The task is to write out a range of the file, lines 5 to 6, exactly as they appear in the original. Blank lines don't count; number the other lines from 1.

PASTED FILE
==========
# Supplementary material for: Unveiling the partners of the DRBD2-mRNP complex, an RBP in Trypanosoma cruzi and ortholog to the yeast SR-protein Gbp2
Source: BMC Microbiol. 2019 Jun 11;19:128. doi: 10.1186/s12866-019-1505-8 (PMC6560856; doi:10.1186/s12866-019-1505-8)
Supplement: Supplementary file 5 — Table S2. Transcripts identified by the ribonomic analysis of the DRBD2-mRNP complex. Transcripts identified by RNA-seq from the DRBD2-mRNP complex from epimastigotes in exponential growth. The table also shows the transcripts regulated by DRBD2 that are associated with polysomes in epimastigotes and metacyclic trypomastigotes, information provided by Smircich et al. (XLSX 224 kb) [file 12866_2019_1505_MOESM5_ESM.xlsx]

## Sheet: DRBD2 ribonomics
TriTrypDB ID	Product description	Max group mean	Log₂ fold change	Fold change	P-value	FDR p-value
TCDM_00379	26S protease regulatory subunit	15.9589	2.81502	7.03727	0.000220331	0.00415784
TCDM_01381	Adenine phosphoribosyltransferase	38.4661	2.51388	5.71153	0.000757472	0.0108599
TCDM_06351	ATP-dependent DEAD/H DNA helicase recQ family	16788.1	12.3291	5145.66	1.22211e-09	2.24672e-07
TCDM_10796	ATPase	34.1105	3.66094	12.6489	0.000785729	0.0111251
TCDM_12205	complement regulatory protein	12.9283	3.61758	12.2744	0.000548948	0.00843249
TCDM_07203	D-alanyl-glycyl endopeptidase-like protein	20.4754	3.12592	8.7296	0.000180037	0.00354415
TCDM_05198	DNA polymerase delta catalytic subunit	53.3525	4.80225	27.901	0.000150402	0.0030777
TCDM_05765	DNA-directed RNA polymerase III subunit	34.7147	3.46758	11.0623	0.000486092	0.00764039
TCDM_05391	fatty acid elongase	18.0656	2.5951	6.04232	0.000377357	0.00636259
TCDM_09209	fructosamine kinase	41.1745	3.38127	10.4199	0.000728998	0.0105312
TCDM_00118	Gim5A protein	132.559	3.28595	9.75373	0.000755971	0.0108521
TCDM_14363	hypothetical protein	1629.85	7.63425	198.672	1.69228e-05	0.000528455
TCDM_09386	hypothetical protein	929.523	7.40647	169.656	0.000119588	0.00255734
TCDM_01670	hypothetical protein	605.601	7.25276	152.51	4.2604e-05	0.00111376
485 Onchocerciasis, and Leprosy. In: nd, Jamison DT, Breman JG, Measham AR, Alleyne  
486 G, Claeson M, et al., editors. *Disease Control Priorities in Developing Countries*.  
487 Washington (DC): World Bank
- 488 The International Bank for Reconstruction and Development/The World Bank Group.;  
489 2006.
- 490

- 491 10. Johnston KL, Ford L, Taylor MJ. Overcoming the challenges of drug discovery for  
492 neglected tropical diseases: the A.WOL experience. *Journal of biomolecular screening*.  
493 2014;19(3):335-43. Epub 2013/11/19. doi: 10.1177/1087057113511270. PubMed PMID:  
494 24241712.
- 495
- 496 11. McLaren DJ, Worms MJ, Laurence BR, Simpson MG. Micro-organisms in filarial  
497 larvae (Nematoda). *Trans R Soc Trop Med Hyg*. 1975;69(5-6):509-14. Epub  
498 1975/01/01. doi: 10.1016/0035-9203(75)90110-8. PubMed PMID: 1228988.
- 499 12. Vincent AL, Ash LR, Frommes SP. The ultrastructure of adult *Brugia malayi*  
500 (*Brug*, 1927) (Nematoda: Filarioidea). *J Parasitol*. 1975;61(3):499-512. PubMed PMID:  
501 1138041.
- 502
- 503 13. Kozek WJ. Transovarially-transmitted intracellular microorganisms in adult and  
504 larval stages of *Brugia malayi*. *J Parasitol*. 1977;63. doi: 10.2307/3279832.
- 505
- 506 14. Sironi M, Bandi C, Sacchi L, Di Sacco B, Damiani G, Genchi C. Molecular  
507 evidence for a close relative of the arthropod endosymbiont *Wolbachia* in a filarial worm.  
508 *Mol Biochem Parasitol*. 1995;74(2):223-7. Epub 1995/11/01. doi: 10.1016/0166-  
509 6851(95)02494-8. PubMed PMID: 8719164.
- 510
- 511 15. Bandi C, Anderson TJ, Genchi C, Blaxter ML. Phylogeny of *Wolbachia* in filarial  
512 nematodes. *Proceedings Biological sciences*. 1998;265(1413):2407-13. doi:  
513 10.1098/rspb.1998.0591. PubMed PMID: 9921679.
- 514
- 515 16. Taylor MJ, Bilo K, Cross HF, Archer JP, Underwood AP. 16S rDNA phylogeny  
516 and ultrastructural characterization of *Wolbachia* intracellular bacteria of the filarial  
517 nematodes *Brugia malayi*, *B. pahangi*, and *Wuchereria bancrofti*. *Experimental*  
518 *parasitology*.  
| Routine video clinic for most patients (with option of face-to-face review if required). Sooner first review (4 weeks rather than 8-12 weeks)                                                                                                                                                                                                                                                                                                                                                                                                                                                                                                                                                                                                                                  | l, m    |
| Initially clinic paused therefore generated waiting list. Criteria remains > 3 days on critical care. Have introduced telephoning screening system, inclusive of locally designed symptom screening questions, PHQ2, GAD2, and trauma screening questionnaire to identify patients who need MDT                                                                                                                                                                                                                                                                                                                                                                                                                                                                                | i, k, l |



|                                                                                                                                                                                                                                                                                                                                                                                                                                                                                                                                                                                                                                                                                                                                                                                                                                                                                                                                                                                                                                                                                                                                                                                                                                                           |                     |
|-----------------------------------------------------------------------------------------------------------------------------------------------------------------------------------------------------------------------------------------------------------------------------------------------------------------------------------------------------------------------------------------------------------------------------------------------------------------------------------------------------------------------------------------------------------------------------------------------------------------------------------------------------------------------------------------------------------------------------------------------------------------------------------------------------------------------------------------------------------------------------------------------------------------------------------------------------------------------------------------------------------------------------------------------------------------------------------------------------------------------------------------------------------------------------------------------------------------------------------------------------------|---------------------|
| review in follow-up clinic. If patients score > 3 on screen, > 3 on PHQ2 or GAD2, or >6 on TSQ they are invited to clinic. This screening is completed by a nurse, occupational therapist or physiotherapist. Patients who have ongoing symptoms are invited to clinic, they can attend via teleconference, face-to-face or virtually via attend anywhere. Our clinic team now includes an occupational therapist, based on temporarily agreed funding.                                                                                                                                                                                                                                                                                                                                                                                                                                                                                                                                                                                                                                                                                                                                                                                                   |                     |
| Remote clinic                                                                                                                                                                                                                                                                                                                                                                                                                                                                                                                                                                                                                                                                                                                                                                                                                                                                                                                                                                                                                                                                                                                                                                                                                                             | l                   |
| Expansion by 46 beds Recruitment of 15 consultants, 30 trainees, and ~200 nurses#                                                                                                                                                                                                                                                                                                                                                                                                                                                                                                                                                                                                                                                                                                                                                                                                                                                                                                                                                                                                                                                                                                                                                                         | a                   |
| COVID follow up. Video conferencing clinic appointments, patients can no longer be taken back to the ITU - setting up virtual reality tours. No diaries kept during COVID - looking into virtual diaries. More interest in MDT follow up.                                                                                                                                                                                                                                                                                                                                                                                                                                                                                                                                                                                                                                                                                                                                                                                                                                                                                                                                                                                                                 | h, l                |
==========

TriTrypDB ID	Product description	Max group mean	Log₂ fold change	Fold change	P-value	FDR p-value
TCDM_00379	26S protease regulatory subunit	15.9589	2.81502	7.03727	0.000220331	0.00415784